Adrian McCartney

Red Letter Christianity

02 Jan

It wasn’t written to entertain the mind…

Red Letter Christianity

 The idea behind the book is that we need to have a fresh look at the words of Jesus – in some Bibles they are printed in red.

This is exactly what you would expect from Claiborne and Campolo.  I found it very helpful although it probably only skims over most of the subjects.  Here are some tasters…

Community (Acts 2 church) – “it wasn’t that they had community because they shared, they shared because they had community.”

Church – a comment on St Francis – “his best sermon was his life”.

Hell – “St Paul was complaining to St Peter that he kept finding more people in heaven than Peter was letting in.  Peter came back to him and said, ‘It is not my fault.   It is Jesus.  He keeps sneaking people over the wall!’ ”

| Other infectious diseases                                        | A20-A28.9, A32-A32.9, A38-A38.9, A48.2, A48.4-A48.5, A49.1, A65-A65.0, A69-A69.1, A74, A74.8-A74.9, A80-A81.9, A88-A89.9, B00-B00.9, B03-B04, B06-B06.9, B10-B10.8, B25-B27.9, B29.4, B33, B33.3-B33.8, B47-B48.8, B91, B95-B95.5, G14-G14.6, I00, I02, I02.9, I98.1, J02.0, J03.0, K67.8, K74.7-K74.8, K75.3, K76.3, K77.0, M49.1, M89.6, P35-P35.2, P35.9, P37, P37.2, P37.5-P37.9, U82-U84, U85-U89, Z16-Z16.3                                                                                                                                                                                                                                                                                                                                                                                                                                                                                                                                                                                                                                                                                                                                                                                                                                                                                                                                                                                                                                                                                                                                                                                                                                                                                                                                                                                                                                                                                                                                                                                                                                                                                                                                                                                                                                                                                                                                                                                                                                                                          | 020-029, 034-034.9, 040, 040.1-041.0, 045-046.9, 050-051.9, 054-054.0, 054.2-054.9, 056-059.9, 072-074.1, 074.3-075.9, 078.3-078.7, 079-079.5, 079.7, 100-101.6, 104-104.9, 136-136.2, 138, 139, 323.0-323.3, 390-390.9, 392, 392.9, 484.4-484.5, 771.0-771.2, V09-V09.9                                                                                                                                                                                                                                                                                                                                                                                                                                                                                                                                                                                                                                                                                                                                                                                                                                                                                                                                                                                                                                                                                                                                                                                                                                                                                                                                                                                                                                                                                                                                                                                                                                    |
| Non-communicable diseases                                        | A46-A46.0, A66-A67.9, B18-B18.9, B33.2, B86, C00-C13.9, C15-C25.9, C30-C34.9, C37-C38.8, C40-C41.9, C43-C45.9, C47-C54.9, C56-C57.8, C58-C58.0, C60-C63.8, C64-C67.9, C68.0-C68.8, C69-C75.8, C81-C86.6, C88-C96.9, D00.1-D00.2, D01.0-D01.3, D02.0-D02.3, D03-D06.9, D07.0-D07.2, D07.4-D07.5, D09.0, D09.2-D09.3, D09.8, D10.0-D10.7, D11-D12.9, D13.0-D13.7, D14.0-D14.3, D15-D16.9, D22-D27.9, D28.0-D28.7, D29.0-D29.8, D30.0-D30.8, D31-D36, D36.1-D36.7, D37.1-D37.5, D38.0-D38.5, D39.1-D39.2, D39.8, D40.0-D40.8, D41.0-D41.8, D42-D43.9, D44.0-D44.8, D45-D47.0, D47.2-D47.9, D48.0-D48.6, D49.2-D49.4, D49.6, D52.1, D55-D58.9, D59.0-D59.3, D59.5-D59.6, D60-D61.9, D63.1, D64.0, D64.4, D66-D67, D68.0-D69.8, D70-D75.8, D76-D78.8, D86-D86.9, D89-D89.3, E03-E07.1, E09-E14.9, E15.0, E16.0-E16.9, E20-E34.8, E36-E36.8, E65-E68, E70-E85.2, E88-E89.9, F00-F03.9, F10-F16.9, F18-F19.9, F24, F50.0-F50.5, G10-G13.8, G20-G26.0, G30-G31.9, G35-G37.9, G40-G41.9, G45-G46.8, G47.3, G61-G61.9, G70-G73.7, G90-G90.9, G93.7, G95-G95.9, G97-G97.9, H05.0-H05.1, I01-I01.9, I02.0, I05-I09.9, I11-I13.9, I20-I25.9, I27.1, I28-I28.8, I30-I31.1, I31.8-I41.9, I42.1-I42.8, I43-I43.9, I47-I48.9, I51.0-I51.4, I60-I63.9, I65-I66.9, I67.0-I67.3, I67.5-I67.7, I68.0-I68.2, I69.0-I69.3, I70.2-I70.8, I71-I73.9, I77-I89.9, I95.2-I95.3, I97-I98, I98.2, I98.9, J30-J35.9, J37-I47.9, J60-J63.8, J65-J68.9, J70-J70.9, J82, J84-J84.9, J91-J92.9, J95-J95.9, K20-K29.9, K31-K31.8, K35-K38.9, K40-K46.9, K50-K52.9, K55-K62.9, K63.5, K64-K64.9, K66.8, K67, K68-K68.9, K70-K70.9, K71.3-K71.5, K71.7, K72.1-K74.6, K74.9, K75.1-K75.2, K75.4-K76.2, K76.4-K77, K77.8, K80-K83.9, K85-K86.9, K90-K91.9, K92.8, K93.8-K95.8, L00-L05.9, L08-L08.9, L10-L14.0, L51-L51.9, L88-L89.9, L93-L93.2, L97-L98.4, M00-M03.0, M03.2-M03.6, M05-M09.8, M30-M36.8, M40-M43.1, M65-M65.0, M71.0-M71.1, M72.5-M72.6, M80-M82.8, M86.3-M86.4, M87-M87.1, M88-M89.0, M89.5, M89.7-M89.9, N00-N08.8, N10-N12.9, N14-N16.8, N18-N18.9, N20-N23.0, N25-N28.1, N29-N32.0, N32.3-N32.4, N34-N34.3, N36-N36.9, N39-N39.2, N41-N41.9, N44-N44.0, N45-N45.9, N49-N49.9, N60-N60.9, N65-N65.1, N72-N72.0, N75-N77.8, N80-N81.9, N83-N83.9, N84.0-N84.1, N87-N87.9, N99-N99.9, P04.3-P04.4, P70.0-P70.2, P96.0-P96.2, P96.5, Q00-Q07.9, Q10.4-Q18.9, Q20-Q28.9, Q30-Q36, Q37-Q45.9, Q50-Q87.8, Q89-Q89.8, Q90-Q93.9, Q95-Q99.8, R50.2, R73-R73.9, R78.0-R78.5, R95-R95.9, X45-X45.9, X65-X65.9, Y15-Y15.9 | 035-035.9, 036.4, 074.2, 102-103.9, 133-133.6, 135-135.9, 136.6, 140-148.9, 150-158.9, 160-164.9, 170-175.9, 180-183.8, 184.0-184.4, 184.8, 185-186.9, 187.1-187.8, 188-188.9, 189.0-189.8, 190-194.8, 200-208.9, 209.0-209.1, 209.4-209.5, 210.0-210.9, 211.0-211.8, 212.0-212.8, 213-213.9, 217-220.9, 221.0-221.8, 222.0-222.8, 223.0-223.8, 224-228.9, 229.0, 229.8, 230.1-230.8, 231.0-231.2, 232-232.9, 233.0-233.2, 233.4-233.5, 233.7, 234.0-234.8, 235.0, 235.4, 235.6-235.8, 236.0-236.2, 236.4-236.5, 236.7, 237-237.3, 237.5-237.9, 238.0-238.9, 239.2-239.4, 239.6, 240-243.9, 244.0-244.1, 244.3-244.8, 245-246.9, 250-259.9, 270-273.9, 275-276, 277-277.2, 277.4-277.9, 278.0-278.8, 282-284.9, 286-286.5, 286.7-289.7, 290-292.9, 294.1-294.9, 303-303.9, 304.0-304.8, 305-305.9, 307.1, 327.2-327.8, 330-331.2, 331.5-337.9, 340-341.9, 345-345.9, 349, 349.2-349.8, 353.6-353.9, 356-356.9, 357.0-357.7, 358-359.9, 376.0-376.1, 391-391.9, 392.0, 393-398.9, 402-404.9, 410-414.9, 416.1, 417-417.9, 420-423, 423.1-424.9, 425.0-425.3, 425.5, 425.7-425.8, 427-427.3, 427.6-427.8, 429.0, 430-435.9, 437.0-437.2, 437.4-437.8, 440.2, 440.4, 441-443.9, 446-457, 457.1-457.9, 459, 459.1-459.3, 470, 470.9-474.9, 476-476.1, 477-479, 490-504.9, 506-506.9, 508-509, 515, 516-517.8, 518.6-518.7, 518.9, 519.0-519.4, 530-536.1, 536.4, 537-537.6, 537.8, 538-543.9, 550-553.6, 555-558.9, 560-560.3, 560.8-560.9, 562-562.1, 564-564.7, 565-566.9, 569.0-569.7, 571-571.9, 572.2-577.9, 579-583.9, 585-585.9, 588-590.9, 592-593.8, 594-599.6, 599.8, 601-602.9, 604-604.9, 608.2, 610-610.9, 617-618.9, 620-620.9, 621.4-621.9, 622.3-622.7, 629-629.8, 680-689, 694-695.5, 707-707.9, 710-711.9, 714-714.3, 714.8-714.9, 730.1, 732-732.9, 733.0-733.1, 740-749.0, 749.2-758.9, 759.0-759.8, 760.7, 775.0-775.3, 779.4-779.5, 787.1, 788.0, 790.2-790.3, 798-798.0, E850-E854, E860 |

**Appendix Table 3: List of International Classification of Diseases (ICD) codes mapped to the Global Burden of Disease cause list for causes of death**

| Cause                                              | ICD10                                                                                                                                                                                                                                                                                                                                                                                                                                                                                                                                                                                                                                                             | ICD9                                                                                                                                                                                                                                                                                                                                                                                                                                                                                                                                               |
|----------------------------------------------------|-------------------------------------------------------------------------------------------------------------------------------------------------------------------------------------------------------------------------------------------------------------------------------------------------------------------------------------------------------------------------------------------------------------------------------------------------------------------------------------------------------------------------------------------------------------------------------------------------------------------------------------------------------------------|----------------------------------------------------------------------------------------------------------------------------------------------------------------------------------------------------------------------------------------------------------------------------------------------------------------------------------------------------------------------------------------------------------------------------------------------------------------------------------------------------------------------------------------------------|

Empire – “Democracy.  I keep telling my students time and again, democracy is not a society in which the majority rules, but a society where it is safe to be in the minority.”

Politics – “Our goal is to seek first the Kingdom of God.  What would it look like if Jesus were in charge of my street, of my neighbourhood, of my city, of my nation?  That is what we get to imagine when we dream dreams of the kingdom on earth.”

–       “For the Christian voting is not what we do every four years.  We vote every day.  We vote by how we spend our money, by what causes we support…”

The chapters on Israel and the Middle East were very helpful, because I just can’t see the American right wing point of view.  Campolo/Claiborne managed to help me see that not all Americans get it either.

It is good stuff.  I am not clever enough to offer many alternative points of view.  The best I can say is that it is all a waste of time if I do not listen to the whisper of God through it and then do something.  Lots of people tell me that God has spoken to them.  I wish I could see what God has said to them; it would be a lot more convincing.